Motorola is famous for making the first commercial cell phone – the DynaTAC. It also created the first ever flip phone, the Motorola StarTAC. The company has scored many more firsts in its 90 years of existence, enjoyed a golden age when it shaped the mobile phone market and eventually fell on hard times.
The Timeport P7389 was the first phone with GPRS – that’s the first modern mobile Internet standard (CSD was more akin to dial-up). The phone first connected to the net over the BT Cellnet in the UK, which was running hardware also built by Motorola (and Cisco).
Motorola StarTAC 75 • Motorola Timeport P7389
2002 also saw some exciting firsts. The Motorola E360 was the company’s first phone with a color screen – a CSTN panel that could display 4,096 colors. The Motorola V70 had the appearance (though not the actual hardware) of a round screen. Later the company would launch the premium Motorola Aura with an actual round display – an early example of a non-rectangular screen. Still, the $ 2,000+ price meant that basically no one bought that one.
Motorola E360 • Motorola V70 • Motorola Aura
2004 is when Motorola peaked – the RAZR V3 was introduced and it became one of the best-selling phones in history. The V3 itself was around for four years and sold a stunning 130 million units. Later RAZRs weren’t quite as successful, but were still popular. Moto cut prices in order to sell millions of units, but that slashed the margins, which ended up hurting the company. Still, flip phones ruled and it was all because of the RAZR.
That same year, the Motorola E398 launched. It could play MP3 files through its 22KHz stereo speakers (or through headphones, of course). A year later the hardware was reworked into the ROKR E1, in some ways it was Apple’s first phone.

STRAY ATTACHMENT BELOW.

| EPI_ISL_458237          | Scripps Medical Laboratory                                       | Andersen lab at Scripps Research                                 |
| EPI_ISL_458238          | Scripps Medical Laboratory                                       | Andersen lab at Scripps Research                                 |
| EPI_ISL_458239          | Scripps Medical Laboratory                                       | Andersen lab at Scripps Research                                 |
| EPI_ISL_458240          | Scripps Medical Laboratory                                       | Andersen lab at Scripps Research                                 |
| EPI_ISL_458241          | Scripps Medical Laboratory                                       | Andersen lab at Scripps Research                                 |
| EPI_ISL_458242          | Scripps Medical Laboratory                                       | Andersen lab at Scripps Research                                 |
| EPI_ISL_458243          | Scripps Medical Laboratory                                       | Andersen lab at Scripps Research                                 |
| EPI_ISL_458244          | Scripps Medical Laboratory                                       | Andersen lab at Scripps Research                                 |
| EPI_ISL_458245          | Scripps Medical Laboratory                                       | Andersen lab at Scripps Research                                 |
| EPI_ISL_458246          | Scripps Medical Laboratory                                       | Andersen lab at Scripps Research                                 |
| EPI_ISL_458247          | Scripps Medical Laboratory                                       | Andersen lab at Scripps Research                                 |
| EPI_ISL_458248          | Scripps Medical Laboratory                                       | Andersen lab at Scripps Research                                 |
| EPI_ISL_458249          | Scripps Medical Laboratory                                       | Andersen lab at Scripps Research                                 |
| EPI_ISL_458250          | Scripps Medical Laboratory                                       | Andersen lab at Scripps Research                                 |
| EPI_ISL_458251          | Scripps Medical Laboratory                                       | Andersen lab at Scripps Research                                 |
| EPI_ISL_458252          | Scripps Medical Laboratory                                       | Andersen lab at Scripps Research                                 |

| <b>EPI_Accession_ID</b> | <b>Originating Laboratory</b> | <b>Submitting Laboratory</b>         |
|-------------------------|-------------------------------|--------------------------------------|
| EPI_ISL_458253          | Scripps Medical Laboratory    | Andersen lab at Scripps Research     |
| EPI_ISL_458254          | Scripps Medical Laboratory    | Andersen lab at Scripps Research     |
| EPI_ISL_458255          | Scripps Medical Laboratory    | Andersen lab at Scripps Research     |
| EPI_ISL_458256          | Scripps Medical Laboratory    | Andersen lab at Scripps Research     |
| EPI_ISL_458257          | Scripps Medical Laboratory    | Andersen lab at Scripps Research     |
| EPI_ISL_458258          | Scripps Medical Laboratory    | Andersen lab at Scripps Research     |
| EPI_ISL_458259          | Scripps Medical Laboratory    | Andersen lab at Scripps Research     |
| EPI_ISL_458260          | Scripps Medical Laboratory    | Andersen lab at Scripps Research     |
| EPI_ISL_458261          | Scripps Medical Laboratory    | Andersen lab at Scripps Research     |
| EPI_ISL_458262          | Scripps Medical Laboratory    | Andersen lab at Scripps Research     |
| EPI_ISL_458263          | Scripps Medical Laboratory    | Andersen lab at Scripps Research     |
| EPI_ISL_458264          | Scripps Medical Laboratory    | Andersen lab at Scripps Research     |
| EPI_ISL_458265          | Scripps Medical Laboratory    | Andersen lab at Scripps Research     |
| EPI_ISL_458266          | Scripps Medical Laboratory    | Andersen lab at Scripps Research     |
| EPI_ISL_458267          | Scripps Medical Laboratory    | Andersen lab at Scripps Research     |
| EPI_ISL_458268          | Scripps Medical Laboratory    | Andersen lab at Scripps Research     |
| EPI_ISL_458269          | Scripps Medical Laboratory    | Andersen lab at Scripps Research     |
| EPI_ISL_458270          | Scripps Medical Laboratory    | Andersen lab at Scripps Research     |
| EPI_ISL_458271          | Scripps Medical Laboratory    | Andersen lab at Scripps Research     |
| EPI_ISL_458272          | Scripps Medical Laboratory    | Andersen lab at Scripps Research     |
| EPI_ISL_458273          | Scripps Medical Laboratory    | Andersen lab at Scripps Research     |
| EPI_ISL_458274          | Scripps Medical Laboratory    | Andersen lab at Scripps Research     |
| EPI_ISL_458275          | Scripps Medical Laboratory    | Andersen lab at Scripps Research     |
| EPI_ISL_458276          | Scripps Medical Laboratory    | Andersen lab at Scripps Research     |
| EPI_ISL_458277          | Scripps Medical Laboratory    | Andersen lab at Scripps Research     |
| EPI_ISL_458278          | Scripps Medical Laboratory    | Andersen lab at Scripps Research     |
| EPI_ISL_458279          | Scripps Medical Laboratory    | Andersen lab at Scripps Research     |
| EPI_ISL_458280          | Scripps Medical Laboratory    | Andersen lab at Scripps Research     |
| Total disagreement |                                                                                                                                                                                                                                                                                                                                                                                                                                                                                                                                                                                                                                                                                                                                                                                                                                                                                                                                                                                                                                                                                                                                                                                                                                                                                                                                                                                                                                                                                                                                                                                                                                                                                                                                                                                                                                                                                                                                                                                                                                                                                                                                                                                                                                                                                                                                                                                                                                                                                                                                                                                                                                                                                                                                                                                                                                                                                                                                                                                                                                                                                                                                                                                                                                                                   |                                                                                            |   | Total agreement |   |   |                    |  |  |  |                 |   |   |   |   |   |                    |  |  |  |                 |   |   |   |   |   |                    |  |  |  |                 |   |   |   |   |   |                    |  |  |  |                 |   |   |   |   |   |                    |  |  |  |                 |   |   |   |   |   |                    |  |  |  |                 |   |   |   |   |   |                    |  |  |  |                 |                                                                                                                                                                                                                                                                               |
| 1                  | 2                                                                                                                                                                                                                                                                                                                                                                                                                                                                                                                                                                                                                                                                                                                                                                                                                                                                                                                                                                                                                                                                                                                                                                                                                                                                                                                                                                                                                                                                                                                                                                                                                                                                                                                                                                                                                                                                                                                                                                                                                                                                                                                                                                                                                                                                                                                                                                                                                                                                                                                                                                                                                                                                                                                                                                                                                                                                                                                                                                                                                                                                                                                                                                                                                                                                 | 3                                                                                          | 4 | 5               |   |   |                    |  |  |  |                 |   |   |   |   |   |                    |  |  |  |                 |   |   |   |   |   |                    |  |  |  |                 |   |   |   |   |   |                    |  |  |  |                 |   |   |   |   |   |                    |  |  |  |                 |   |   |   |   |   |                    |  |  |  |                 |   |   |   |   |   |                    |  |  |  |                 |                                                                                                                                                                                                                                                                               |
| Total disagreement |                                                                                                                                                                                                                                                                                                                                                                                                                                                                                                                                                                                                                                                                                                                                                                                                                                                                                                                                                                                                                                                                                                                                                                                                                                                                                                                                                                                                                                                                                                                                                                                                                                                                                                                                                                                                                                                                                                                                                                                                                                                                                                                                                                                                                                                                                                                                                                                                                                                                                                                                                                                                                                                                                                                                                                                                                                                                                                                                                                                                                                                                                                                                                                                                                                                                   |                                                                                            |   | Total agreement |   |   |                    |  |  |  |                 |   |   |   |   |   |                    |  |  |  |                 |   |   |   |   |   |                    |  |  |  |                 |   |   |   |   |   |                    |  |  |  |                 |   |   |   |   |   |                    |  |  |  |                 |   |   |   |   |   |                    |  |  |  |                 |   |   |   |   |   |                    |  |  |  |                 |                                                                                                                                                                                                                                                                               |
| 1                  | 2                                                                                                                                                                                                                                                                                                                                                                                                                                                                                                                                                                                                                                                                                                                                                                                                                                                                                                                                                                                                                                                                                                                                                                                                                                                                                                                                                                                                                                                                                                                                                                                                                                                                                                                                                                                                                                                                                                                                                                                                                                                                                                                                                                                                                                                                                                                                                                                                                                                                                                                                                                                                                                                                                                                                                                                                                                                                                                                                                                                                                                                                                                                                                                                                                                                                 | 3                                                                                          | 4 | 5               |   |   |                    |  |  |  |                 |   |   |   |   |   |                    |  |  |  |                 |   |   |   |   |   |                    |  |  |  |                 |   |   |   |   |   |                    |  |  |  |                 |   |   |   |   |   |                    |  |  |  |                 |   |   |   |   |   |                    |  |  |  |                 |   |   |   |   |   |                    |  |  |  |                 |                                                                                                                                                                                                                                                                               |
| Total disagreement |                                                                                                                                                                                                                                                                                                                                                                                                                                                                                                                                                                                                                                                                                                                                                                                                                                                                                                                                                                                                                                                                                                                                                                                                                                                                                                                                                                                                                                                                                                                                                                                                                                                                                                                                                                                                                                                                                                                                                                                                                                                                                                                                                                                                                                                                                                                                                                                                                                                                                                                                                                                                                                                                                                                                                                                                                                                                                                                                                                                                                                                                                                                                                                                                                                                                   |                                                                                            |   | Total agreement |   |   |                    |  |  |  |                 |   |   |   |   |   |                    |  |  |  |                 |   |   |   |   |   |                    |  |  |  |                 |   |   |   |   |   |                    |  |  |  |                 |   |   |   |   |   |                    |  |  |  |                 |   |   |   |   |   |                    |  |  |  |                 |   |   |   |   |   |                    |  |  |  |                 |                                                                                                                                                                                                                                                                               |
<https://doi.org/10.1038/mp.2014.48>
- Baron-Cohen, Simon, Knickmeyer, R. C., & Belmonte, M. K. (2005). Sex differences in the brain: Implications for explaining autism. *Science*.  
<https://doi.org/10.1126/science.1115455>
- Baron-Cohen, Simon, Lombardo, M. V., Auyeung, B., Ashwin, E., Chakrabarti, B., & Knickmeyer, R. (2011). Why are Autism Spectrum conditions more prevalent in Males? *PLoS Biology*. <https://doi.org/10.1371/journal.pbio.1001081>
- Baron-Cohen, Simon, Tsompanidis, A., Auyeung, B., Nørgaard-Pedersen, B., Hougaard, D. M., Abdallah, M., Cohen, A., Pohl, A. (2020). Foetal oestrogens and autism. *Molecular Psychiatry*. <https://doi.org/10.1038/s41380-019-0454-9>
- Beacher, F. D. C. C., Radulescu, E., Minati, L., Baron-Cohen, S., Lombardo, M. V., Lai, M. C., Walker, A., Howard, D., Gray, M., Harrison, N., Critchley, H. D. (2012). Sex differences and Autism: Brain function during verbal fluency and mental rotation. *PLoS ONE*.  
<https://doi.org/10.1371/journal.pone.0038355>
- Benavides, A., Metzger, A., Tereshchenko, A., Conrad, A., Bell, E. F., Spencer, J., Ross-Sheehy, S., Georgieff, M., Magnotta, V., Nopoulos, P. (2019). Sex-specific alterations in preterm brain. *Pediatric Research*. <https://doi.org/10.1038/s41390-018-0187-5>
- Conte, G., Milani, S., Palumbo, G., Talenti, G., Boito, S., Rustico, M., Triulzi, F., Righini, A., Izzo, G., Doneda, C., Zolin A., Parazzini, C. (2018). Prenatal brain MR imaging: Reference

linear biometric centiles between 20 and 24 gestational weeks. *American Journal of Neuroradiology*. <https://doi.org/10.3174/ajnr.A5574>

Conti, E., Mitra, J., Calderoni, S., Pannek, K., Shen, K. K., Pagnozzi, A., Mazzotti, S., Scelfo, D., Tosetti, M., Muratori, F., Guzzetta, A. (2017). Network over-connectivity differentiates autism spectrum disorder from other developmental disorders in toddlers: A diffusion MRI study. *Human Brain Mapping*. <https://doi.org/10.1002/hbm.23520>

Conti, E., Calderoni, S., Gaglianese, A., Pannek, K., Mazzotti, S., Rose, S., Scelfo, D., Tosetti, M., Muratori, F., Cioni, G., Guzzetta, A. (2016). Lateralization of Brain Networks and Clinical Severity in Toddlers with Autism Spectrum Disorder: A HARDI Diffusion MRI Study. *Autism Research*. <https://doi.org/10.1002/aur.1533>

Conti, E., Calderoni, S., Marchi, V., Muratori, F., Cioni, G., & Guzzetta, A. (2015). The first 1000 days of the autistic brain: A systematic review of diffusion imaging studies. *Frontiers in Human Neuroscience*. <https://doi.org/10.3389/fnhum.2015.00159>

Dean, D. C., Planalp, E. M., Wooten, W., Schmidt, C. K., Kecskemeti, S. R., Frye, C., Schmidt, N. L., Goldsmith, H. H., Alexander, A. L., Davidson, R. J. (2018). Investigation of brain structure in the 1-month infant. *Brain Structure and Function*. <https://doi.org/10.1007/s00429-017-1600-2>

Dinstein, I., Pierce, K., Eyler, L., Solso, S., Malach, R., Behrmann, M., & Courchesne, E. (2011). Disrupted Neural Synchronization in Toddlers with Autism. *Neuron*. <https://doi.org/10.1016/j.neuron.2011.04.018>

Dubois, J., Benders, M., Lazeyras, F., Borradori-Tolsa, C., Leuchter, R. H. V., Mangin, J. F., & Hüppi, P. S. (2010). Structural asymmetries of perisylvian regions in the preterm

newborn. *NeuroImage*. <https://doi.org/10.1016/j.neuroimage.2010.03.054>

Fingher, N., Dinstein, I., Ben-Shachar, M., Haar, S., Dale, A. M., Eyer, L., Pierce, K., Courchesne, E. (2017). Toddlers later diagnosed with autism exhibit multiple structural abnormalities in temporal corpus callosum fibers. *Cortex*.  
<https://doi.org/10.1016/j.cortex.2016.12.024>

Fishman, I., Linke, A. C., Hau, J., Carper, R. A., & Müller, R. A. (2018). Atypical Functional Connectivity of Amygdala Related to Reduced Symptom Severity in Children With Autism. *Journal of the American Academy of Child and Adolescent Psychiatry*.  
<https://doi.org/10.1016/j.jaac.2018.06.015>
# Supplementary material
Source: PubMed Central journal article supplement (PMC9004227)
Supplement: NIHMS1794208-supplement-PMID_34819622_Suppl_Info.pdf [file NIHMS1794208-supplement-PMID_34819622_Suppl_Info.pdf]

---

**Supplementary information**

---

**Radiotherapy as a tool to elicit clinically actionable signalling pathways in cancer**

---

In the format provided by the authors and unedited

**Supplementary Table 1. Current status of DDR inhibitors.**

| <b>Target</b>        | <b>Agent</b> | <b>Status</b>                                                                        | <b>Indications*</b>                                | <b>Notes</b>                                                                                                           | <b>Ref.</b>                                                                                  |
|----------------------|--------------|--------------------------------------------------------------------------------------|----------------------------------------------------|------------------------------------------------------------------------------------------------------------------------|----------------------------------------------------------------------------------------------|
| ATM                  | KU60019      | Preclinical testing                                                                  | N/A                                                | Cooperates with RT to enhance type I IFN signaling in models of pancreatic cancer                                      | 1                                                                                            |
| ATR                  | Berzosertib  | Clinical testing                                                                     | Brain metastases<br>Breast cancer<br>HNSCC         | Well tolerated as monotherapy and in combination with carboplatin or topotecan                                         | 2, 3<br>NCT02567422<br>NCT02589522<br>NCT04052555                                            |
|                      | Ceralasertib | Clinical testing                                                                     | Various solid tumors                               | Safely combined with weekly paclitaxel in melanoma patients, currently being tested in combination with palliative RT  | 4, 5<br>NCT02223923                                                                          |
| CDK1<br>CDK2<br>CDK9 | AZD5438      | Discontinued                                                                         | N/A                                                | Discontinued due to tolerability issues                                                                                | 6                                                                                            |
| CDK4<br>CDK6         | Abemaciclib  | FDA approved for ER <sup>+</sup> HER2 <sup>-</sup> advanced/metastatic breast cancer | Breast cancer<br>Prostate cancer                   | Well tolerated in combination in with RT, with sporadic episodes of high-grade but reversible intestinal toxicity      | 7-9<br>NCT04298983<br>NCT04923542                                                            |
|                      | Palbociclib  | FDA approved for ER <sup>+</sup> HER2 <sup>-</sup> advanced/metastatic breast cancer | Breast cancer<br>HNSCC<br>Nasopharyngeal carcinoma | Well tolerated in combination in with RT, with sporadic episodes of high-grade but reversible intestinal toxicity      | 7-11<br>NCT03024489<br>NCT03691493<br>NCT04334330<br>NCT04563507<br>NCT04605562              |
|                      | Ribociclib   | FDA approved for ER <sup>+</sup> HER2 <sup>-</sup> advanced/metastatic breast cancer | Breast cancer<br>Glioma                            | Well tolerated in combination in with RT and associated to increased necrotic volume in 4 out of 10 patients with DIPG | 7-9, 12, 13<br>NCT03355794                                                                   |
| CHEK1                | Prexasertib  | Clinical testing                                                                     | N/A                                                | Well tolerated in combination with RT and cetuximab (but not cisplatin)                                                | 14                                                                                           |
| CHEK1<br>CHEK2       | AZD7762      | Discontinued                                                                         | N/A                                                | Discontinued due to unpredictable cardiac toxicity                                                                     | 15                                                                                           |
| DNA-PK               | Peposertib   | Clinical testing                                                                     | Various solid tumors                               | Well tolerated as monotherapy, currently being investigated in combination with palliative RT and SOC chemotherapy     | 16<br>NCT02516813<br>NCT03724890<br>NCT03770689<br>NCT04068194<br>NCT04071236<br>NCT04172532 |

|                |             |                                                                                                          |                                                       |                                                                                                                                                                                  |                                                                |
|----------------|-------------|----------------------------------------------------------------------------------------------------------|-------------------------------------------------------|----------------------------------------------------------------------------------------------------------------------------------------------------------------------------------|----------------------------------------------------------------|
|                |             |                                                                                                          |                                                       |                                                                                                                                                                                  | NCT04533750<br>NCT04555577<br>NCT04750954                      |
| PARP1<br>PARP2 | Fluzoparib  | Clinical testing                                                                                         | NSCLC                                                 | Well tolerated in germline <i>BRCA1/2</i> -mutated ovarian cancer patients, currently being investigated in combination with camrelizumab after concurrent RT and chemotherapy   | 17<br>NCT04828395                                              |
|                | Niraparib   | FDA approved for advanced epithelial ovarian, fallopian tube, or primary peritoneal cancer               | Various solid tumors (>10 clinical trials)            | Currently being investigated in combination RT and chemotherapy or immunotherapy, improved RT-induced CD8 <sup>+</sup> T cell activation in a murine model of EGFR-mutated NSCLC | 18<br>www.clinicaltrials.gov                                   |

You could connect it to your iTunes music library and load 100 songs (but no more). That’s even though it supported microSD cards up to 1GB (it came bundled with a 512MB card). 1GB > 100 MP3s, but not according to Apple math. Regardless, the Apple-Motorola collaboration quickly turned sour as Cupertino unveiled the iPod nano on the same day that Moto showed the ROKR.
Motorola RAZR V3 • Motorola E398 • Motorola ROKR E1
The MOTOFONE F3 was an odd one. It had an e-paper display and while it couldn’t render a graphical interface, it was unmatched when it came to legibility under a bright sun. And battery life was out of this world. It was a phone built for calling, however. Texting was possible but clunky as the display could only show two lines of six characters.
Motorola MOTOFONE F3
In 2007, Rod Baber climbed Everest, pulled out his RIZR Z8 and made a call. Remember that the next time your 4G LTE MIMO phone has no bars. A year before that, Moto built a charitable (RED) edition of the SLVR L7, several years before Apple jumped on that particular ship.
Motorola MOTOFONE F3 • Motorola RIZR Z8 • Motorola SLVR L7
The RAZR may have been Moto’s peak, but the Droid defined its later years. The lineup also played a major role in the early development of Android.
Back in 2009 the Apple iPhone was still exclusive to AT&T and Verizon needed an answer. It found it in the Motorola Droid known internationally as the Milestone. The carrier ran an extensive marketing campaign that hammered the iPhone for its lack of multitasking among other things.
The phone also took a swing at Nokia as it had exclusive (in the US) Google Maps Navigator – you may have forgotten, but that was a separate app back then. Soon after Nokia made voice-guided navigation free for all its Symbian phones. The Droid also featured an Amazon MP3 Store app (a belated strike back against iTunes).